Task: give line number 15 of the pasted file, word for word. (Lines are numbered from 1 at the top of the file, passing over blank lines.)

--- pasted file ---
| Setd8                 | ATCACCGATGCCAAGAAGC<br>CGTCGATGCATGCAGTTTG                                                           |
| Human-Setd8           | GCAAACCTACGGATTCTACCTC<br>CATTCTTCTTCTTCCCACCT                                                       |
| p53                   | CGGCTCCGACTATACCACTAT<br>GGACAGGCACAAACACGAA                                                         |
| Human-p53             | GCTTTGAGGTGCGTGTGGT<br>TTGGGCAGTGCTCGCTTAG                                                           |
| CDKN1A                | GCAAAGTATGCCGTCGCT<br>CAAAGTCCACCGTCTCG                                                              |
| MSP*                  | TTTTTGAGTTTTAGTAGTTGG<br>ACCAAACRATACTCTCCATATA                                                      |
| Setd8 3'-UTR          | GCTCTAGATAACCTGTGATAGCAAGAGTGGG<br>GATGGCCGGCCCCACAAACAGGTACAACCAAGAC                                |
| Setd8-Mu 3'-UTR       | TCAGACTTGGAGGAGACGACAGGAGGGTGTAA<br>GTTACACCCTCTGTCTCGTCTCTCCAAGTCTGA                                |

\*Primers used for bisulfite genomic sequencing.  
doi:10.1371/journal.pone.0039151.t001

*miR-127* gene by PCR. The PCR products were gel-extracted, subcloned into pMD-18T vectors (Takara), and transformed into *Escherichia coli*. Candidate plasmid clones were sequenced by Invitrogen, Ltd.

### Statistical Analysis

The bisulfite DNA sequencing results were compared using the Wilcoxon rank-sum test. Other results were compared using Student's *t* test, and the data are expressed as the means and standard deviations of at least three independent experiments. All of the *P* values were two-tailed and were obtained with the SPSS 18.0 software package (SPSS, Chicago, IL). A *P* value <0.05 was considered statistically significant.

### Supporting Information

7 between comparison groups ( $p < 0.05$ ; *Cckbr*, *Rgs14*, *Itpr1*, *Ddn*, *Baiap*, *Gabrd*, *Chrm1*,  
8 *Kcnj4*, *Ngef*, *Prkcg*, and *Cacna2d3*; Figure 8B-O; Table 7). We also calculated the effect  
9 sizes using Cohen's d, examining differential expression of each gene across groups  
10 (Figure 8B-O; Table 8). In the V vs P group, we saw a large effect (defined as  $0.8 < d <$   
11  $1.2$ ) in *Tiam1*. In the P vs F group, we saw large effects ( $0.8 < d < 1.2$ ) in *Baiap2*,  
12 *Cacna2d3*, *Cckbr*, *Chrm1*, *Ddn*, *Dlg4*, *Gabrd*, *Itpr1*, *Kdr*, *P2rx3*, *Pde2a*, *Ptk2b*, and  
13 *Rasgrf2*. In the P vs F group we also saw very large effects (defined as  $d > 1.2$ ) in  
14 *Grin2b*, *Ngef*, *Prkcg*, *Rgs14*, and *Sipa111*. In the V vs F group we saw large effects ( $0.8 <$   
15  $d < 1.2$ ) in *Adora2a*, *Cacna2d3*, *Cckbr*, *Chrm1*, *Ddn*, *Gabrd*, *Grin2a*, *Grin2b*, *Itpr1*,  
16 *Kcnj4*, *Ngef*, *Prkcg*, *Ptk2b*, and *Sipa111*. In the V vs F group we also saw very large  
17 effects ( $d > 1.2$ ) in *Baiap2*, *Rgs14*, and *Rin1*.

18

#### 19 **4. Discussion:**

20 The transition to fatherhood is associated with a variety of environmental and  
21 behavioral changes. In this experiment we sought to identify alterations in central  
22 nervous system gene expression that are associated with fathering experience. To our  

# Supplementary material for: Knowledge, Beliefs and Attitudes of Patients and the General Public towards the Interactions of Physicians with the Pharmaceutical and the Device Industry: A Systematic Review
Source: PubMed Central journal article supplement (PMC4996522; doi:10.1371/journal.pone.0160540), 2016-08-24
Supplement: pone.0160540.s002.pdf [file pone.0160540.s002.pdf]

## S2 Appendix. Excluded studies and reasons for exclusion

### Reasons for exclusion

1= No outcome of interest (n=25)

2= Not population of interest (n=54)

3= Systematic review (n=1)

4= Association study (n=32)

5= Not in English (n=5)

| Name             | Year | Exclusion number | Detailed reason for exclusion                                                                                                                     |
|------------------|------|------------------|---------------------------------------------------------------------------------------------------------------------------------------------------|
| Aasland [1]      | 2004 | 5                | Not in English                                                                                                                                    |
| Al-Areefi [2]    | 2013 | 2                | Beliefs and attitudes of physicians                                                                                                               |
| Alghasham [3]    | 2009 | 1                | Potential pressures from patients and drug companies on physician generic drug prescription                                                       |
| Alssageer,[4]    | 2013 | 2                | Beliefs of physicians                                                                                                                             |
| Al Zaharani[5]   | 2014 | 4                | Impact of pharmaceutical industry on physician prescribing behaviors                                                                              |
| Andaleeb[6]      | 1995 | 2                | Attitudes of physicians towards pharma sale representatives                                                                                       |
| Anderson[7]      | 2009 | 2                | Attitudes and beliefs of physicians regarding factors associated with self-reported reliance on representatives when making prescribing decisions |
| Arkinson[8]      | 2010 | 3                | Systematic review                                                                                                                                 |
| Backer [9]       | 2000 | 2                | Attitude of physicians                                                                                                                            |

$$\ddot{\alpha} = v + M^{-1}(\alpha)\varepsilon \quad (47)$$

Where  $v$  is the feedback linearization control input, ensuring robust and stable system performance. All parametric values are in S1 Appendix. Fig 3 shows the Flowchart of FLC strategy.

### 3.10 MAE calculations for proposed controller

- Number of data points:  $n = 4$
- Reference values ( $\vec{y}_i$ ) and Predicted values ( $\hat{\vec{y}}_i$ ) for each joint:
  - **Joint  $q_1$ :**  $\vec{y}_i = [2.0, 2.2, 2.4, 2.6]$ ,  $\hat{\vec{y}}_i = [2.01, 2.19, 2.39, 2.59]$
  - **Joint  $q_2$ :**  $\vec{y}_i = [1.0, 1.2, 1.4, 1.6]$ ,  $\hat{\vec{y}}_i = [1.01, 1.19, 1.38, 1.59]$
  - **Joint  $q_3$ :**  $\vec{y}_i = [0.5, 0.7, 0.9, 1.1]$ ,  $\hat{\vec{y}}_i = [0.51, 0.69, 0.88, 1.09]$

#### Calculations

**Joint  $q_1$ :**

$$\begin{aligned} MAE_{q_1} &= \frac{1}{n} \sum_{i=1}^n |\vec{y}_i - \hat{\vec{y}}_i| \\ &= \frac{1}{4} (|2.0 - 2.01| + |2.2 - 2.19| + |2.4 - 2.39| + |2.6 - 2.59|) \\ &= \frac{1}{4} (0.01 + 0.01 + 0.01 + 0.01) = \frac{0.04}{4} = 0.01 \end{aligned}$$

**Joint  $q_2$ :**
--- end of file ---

7 between comparison groups ( $p < 0.05$ ; *Cckbr*, *Rgs14*, *Itpr1*, *Ddn*, *Baiap*, *Gabrd*, *Chrm1*,  